14 September 2016 - Case of the Week #400

All cases are archived on our website. To view them sorted by case number, diagnosis or category, visit our main Case of the Week page. To subscribe or unsubscribe to Case of the Week or our other email lists, click here.

Thanks to Dr. Rawia Mohamed, Sheikh Khalifa Medical City (United Arab Emirates) for contributing this case and discussion. To contribute a Case of the Week, follow the guidelines on our main Case of the Week page.



Top Books Listed on PathologyOutlines.com!

Click here to view more Top Books listed on our site.

Advertisement


Website news:

(1) For August 2016, we had 490,000 total sessions, an all time high, as well as a record 15,806 sessions per day. Thanks again for your support. Current / recent improvements are faster website access and reduction of downtime, increasing the frequency of topic updates, continued conversion to our new template format (we are 20-25% complete) and expanded oversight by Editorial Board members.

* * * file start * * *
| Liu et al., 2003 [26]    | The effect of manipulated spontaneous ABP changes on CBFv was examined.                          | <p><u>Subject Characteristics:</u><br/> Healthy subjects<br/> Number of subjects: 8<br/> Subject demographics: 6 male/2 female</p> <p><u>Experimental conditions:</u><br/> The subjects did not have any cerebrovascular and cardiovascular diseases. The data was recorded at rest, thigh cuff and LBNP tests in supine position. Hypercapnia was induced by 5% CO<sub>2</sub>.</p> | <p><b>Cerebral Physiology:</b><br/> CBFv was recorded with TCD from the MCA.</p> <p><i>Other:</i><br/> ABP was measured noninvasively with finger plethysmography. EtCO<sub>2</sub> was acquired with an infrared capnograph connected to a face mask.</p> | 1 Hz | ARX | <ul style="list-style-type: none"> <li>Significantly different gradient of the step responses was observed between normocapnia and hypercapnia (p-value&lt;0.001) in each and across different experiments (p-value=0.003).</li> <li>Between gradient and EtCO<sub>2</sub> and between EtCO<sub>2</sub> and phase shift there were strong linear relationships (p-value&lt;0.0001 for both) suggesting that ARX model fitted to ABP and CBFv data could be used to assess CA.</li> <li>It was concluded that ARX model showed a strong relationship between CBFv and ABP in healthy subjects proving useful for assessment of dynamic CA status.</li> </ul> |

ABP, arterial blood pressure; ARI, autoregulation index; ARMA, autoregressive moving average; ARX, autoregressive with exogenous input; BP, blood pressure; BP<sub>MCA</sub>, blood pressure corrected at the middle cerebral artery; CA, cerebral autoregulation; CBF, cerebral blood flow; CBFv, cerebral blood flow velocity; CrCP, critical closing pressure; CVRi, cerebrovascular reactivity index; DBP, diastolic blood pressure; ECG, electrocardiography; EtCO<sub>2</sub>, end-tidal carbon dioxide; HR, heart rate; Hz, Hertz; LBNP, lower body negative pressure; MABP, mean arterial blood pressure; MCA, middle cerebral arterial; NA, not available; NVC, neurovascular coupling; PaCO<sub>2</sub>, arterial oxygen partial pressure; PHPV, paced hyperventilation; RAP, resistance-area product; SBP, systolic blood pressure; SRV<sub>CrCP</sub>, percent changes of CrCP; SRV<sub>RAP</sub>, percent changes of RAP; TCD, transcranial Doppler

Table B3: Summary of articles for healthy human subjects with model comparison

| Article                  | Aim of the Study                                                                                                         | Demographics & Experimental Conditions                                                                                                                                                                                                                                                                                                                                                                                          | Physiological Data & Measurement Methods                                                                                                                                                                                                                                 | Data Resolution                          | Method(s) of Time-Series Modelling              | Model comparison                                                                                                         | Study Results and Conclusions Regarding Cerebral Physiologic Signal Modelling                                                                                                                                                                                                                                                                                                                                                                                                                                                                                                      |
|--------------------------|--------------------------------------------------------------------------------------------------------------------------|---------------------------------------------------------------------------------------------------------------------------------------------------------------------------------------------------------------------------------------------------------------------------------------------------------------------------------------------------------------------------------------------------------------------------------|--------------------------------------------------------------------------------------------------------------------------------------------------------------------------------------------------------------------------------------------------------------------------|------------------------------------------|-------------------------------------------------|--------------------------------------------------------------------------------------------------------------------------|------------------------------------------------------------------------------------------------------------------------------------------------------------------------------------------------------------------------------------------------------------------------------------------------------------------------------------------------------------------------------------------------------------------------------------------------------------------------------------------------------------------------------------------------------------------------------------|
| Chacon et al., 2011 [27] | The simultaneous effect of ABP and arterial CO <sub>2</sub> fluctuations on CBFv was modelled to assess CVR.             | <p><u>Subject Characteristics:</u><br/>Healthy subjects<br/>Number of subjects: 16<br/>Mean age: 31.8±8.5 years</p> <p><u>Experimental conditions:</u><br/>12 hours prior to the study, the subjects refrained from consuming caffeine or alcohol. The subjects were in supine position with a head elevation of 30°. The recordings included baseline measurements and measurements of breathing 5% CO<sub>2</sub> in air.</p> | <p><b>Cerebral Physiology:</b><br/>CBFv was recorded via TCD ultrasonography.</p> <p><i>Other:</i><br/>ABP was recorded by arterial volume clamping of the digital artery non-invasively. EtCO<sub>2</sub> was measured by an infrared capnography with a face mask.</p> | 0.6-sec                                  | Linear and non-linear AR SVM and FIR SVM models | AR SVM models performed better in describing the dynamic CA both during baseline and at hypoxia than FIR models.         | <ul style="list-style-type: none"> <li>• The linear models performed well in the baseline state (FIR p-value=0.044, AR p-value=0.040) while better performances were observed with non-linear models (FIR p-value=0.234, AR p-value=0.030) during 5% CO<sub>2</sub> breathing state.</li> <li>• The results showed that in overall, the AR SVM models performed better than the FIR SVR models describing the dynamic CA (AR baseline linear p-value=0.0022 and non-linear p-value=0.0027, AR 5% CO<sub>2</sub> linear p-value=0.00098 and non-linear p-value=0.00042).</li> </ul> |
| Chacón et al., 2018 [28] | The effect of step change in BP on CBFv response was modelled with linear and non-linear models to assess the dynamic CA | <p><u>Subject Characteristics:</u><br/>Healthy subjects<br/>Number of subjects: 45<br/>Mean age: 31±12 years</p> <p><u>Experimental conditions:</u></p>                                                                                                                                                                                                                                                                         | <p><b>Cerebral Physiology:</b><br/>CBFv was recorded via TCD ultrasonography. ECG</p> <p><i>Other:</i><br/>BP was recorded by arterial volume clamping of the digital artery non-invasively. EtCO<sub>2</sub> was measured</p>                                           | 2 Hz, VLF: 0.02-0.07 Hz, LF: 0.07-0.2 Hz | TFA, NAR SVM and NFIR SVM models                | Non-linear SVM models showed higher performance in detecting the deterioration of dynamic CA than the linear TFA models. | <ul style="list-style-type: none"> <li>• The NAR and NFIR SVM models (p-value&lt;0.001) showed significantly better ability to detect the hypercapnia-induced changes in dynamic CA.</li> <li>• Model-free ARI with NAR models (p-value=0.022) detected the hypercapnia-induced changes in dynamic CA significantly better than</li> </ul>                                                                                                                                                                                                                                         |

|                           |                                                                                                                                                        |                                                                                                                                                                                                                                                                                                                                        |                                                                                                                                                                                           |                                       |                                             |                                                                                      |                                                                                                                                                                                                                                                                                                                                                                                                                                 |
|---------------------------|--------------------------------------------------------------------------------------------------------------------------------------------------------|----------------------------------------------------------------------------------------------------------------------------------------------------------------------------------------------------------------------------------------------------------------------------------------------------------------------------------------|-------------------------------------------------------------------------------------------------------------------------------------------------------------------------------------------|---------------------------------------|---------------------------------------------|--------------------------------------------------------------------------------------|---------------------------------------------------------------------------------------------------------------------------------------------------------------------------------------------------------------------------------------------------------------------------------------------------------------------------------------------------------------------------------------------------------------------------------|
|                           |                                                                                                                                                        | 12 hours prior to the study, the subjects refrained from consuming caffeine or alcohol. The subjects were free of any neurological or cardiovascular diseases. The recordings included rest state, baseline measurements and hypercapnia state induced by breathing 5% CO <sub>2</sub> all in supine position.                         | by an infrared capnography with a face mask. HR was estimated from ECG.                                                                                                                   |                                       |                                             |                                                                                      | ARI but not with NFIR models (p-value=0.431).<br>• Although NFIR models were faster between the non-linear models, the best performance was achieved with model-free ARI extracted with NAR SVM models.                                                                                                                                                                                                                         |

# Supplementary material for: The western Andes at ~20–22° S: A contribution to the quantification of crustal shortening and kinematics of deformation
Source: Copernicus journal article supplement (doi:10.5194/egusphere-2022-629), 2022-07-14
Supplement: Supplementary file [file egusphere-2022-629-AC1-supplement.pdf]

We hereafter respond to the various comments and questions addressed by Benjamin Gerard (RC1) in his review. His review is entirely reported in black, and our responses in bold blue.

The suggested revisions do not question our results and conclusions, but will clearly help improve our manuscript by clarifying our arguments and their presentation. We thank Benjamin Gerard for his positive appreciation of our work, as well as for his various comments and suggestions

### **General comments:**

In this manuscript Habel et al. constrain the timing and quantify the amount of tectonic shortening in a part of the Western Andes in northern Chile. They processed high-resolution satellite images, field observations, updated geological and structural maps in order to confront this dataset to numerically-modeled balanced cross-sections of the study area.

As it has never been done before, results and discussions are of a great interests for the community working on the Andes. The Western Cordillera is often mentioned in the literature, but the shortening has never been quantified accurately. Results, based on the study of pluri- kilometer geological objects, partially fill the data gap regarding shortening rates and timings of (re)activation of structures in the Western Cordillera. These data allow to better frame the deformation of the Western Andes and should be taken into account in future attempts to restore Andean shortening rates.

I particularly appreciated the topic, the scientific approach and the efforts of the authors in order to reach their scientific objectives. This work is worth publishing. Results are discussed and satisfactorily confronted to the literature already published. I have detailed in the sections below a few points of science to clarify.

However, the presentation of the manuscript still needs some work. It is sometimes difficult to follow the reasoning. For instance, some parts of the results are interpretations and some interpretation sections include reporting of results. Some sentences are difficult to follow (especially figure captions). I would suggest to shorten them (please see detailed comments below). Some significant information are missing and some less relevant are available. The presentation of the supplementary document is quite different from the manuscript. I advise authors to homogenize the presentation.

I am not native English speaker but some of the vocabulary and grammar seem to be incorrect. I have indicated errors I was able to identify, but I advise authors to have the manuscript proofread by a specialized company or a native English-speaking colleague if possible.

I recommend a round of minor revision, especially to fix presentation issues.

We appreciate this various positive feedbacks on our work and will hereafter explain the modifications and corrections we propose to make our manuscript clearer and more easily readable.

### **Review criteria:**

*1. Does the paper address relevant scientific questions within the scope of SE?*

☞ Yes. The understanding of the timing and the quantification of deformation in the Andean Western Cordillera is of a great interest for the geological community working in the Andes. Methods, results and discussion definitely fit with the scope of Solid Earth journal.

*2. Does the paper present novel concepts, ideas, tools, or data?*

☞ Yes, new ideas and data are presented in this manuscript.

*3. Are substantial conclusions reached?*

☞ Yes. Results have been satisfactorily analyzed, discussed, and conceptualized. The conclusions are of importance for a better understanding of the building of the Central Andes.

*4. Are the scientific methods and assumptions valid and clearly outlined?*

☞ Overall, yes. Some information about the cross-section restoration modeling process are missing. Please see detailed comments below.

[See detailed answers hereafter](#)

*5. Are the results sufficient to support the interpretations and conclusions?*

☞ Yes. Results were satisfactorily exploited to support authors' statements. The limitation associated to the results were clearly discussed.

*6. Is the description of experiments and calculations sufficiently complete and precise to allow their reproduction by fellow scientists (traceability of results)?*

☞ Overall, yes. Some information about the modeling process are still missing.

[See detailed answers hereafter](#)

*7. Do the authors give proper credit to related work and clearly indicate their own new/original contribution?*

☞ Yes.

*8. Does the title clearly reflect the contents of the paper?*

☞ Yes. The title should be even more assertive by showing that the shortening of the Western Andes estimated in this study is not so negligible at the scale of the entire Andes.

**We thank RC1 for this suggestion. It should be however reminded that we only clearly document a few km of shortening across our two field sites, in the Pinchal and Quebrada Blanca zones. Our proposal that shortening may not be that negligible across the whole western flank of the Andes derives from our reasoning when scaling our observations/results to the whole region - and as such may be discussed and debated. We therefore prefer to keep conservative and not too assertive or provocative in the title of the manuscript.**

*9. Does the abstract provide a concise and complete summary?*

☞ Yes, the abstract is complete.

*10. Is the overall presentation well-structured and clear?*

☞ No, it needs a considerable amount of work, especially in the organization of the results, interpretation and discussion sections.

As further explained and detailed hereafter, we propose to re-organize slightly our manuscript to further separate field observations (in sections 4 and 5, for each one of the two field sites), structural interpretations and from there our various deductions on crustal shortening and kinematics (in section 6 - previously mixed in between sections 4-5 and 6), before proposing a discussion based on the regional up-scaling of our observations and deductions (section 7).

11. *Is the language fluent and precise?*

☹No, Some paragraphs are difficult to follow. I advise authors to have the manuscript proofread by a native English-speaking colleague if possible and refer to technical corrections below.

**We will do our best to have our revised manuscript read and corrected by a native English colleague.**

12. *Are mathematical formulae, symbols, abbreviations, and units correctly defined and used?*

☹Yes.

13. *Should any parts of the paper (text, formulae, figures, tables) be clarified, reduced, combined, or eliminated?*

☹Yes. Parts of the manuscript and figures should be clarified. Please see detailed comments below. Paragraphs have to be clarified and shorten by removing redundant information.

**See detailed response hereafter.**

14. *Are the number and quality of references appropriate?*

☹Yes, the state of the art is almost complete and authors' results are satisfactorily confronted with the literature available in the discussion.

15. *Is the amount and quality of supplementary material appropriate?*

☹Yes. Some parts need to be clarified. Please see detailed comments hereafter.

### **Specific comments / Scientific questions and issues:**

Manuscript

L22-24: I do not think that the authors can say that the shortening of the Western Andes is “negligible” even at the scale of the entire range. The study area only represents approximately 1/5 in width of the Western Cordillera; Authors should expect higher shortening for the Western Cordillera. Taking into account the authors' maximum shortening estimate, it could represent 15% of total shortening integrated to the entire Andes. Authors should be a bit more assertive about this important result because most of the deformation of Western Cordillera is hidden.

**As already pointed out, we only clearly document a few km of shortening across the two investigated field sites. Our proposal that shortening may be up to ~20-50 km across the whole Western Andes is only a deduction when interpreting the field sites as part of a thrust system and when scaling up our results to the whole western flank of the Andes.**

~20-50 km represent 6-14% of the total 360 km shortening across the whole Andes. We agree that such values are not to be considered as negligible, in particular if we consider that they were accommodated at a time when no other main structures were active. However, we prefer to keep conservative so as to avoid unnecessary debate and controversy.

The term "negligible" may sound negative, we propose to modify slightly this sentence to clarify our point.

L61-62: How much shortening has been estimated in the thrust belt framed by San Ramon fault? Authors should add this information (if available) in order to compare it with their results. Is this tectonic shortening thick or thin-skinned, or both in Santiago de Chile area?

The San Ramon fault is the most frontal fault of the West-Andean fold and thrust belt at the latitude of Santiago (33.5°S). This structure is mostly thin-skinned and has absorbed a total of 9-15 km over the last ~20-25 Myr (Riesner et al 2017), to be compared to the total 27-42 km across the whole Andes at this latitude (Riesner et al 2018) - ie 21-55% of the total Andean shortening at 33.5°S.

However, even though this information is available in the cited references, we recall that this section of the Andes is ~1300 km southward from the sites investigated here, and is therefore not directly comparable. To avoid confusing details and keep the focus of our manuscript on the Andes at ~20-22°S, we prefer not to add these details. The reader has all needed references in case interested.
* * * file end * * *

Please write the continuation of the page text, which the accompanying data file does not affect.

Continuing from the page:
(2) For the first half of 2016, we contributed $745 to the Flint Child Health & Development Fund. This represents 10% of the funds we received because you shopped at Amazon.com through one of the Amazon links on our website (Amazon links can be found in the header / footer, on the Books pages, or just click on one of our Amazon banners). For the second half of 2016, we will contribute to the Detroit College Promise Scholarship program which we started, now part of the Detroit Public School Foundation.

(3) Simply let us know what you think the coolest thing we could add to our website would be, and win a $50 Amazon.com gift certificate! Entering a contest has never been easier! Email us your idea or visit us at the upcoming CAP Las Vegas conference (Booth #217). One entry per person. PathologyOutlines.com staff will determine the winner (our decision is final, even if you disagree!). The winner must provide their name, affiliation or location, and email address and will be announced in our blog and emails. The deadline for submissions is September 30, 2016.

Visit and follow our Blog to see recent updates to the website.



Case of the Week #400

Clinical history:
A 4 year old boy presented with fever and recurrent abdominal pain for a few days. The pain was epigastric and colicky. There was no vomiting or weight loss. Blood work showed an elevated C reactive protein/CRP, but was otherwise unremarkable. Abdominal ultrasound and CT showed a large, irregular, lobulated, solid, hypo- to isoechoic lesion in the lower abdominal midline, 8.9 x 8.8 x 7.1 cm, which did not appear to arise from any specific organ. The mass was resected.